| Volume 63 | Number 2
Lively engagement with books—not simply crack decoding—is the entryway to solid comprehension skills. How can we remove unnecessary obstacles and welcome students across this threshold?
Strategies for Adolescents: Spotting the Obstacles
Gay Ivey and Douglas Fisher (“Learning From What Doesn't Work,” p. 8) delineate five strategies that fail to strengthen adolescents' reading comprehension, and put up obstacles to engaged reading:
- Don't let students read
- Make students read what they don't know about and don't care about
- Make students read difficult books
- Interrogate students about what they read
- Buy a computer program and let it do all the work
Check out for yourself whether these strategies are, as Ivey and Fisher believe, “common practices that create barriers to engaged reading.” Over about a month, have each member of your group go on a “scavenger hunt” to spot these five ineffective strategies in use in various settings. Observe in classes at your school and other schools at all levels, spend time observing in an after-school tutoring program, and look over packaged reading instruction programs. List as many instances as you can (without mentioning teacher or school names) where you see each of these strategies being practiced or being recommended.
Take notes on how students seem to respond to these strategies; if possible talk to some students, as Ivey and Fisher did, to get their response to the practice in question. Also keep a tally of how often you see the strategy of allotting time for sustained silent reading used, with some teacher support preceding it, as Steve Gardiner calls for in “A Skill for Life,” p. 67.
At your next group meeting, discuss what you each found on your hunt. What amount of class time seemed to be devoted to the strategies Ivey and Fisher mention, and what effect on students did you observe? Why do you think these strategies are common in classrooms?
Discuss ways that the positive goals underlying these strategies—such as broadening students' reading choices beyond the lowest common denominator—might be achieved through modifying the practices slightly.
Toward Deeper Analysis
How can we push high school students to go beyond giving stock answers—or responding with silence—to questions about a text's content? How can we lead them into deeper, reasoned, critical analysis of texts? This is the very idea behind the strategy of Reciprocal Teaching Plus created by Gwynne Ellen Ash (“What Did Abigail Mean?”, p. 36). Ash's strategy adds a fifth element—critically evaluating a text—to Reciprocal Teaching's four tasks of predicting, clarifying, questioning, and summarizing. Her strategy seems a natural way to sharpening students' reading.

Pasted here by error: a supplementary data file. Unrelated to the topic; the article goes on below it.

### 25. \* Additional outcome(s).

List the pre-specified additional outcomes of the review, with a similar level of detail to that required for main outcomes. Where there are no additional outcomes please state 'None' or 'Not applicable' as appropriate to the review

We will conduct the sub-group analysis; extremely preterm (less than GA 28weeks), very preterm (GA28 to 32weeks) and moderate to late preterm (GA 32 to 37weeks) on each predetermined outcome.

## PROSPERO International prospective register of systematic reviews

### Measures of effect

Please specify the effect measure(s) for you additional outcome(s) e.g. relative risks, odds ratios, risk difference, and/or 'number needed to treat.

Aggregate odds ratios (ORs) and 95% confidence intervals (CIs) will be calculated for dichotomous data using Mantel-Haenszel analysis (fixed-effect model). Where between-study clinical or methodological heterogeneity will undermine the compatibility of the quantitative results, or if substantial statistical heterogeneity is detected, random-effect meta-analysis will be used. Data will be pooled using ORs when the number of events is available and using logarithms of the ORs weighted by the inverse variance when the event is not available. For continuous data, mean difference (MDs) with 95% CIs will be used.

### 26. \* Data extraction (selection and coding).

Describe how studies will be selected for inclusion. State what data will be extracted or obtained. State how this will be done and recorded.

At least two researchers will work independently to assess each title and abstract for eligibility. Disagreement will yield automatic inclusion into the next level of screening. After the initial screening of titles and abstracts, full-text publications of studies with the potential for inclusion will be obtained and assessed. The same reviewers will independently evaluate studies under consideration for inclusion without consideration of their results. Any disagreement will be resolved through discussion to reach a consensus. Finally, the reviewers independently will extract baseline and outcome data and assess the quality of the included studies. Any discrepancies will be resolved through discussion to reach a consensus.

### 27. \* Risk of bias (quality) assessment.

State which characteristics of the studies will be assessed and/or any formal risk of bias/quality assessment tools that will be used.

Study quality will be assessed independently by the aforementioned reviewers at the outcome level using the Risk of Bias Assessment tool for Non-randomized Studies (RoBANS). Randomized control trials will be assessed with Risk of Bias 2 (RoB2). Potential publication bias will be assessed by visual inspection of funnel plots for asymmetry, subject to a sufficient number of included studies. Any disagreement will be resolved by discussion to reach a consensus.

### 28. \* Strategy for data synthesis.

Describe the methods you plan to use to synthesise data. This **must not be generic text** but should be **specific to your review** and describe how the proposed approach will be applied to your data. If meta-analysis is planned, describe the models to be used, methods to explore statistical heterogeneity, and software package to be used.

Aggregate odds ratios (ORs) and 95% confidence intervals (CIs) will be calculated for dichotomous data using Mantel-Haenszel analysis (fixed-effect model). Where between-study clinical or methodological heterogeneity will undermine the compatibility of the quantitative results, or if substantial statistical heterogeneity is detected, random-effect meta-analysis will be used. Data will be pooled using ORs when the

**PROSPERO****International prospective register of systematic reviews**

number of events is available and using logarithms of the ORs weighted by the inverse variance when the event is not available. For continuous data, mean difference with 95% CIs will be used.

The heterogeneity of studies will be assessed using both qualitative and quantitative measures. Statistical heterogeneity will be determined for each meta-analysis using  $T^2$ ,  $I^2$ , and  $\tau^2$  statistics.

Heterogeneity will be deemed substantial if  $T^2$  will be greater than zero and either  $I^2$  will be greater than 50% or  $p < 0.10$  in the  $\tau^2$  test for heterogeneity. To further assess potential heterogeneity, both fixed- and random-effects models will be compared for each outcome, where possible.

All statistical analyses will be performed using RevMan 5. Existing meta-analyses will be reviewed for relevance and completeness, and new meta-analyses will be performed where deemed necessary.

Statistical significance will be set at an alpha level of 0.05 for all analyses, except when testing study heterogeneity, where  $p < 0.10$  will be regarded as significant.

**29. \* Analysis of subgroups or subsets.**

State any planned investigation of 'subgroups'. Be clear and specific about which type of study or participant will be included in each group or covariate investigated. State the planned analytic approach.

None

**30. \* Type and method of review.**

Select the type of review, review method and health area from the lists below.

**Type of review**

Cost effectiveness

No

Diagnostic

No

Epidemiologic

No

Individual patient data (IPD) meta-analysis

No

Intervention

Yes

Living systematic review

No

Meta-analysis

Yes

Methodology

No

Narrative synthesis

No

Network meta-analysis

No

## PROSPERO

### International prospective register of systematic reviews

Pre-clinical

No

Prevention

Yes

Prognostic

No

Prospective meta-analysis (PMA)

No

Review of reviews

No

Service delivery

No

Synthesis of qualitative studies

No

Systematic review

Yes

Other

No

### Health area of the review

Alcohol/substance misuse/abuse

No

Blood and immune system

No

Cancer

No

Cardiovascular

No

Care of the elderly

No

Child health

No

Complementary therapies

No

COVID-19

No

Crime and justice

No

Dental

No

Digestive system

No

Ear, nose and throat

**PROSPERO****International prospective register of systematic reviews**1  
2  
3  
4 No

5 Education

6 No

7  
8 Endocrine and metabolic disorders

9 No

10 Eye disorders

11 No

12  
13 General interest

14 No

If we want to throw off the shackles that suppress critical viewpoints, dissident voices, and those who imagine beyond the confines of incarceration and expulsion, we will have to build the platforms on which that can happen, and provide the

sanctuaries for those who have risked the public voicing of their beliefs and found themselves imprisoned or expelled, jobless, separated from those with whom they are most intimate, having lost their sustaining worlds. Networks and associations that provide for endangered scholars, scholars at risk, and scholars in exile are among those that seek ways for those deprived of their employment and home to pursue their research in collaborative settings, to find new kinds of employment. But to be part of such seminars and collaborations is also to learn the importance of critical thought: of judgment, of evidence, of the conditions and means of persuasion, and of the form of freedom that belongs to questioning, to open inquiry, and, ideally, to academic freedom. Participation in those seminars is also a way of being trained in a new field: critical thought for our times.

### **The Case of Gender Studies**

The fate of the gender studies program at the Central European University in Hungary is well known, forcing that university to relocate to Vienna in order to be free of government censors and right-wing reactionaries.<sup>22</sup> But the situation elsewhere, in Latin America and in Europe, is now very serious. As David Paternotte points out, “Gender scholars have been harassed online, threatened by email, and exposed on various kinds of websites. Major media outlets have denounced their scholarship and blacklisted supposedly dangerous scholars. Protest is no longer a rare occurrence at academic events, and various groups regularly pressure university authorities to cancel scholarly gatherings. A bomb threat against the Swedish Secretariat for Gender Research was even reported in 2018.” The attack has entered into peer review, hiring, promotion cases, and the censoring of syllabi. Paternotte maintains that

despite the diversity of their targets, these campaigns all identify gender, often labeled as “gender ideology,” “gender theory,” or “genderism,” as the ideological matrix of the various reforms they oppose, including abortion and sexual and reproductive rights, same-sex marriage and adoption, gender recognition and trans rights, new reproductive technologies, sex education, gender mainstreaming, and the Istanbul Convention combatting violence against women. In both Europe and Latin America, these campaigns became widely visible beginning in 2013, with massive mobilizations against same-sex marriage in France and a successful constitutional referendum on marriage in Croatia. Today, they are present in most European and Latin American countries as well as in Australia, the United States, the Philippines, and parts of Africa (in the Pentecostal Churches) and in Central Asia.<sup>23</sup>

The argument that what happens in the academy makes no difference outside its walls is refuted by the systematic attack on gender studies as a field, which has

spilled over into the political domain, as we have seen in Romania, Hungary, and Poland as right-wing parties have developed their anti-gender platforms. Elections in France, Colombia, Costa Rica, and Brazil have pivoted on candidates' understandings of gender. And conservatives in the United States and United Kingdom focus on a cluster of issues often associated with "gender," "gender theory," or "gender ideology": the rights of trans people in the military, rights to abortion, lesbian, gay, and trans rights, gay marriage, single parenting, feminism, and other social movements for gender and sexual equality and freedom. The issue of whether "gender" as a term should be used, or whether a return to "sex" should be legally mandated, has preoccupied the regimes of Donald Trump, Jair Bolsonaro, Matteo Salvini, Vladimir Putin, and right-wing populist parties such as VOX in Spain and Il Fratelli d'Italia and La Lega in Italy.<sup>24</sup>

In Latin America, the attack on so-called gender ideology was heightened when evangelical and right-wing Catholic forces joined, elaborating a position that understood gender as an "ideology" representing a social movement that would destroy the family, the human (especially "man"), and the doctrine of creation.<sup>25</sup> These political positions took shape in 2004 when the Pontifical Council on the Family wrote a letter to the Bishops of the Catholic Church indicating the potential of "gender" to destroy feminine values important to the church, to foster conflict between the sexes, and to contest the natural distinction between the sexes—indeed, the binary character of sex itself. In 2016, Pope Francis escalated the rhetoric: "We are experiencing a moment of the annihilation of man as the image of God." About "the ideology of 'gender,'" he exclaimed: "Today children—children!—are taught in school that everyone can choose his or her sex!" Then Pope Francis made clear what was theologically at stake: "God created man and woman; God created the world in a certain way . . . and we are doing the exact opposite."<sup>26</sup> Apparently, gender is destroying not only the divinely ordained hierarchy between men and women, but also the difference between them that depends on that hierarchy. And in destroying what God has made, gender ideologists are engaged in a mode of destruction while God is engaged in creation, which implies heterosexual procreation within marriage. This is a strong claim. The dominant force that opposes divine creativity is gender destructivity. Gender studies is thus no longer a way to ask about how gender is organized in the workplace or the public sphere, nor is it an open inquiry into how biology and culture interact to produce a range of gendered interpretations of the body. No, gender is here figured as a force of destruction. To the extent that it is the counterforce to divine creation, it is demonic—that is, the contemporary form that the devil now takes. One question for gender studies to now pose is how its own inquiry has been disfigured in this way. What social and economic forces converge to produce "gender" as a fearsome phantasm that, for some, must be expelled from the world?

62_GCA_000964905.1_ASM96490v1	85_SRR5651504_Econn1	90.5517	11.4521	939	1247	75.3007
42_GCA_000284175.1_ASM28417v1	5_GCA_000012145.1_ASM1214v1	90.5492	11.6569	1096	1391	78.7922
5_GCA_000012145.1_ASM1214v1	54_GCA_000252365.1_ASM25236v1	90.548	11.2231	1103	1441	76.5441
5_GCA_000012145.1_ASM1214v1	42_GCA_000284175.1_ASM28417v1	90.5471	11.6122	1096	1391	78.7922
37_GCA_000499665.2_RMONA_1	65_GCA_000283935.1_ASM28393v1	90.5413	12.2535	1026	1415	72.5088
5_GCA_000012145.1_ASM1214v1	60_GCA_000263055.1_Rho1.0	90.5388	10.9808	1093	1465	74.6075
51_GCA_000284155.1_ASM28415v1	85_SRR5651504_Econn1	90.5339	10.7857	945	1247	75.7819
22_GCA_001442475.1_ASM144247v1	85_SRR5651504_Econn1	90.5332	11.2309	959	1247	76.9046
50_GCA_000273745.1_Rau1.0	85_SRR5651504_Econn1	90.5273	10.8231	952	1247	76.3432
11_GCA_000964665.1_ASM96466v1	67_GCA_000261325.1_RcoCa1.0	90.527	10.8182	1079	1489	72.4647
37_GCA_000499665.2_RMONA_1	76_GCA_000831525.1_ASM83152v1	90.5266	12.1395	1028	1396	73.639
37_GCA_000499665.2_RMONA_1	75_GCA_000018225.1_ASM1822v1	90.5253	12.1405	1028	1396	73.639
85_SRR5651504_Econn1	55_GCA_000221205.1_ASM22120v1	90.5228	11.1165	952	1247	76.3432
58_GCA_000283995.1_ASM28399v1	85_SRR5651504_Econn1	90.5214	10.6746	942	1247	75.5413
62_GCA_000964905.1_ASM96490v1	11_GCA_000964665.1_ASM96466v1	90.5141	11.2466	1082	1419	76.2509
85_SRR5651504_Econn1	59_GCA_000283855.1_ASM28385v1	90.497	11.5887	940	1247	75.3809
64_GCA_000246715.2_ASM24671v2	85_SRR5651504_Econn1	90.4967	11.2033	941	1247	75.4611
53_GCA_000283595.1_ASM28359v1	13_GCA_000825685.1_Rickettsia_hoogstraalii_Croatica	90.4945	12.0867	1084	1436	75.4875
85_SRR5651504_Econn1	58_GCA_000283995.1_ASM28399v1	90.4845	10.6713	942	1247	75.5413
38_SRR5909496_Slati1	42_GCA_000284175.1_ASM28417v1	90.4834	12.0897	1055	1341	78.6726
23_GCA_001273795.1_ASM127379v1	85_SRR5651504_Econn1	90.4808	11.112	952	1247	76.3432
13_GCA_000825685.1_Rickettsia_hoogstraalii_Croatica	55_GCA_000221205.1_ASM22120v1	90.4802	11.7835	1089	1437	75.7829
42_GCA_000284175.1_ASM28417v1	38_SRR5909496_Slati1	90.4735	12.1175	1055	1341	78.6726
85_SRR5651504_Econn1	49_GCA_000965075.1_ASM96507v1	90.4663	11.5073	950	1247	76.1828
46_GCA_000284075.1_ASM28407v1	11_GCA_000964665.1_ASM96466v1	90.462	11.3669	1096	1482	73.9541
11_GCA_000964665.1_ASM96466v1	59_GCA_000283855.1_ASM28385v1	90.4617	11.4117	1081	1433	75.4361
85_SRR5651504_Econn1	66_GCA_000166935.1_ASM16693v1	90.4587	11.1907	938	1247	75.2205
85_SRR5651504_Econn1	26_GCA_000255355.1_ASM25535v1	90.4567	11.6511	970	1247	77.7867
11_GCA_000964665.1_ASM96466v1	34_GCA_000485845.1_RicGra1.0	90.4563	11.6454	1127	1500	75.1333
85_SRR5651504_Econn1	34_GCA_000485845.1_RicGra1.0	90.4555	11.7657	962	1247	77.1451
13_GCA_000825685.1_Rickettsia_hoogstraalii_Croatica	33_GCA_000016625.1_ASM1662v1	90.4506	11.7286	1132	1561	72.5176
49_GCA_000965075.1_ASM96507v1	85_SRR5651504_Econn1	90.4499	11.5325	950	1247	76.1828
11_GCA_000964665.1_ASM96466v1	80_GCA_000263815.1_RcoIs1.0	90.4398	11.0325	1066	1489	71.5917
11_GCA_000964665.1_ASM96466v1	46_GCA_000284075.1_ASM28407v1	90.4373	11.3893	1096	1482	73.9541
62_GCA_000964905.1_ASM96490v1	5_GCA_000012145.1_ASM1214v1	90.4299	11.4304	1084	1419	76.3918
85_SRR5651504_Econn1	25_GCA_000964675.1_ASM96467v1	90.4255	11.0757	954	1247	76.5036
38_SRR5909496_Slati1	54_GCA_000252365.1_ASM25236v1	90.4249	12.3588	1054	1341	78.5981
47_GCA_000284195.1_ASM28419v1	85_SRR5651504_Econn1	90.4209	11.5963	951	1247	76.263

Practice the fifth element of Ash's Reciprocal Teaching Plus together as a group, reading a news article (preferably from a publication with a subtle bias) and using the prompts Ash outlines:
- Does the author believe certain things about the story/topic/world? How can you tell?
- Whose story is not being told? Why?
- Do you agree or disagree with the things that the author would like you to believe?
Videotape your group practice of this strategy. Have each teacher in your group show the tape to students as part of explaining Reciprocal Teaching Plus, then let students launch into the practice, using a text related to your course content that has some kind of identifiable opinion or bias.
Making Books Alluring From the Beginning
If we expect our students' reading comprehension to go beyond the literal level, we must instill in students at an early age the habit of mulling over and savoring the ideas in books. Patricia L.Scharer, Gay Su Pinnell, Carol Lyons, and Irene Fountas (“Becoming an Engaged Reader,” p. 24) argue that children's first experiences sounding out words must involve words that delight and arouse curiosity, not simply words that are decodable according to a sequence of phonetic patterns.
Think back to your own experience learning to decode, recalling as specifically as possible what books, stories—or even individual words—you first encountered. Did you have any choice in what texts you began reading with? Were they interesting or appealing? How was the experience of learning to “crack the code” colored or affected by the content and presentation of these books?
The article by Scharer and colleagues mentions a school where teachers must use a scripted reading program in which students are directed to read unengaging but phonetically simple text. Bring in several packaged and highly scripted reading programs—or take a field trip to observe one in action. Brainstorm together ways that teachers could make students' earliest efforts as readers in school both emotionally positive and tied to student interest, even within the confines of such scripted programs.
Click on keywords to see similar products:
Copyright © 2005 by Association for Supervision and Curriculum Development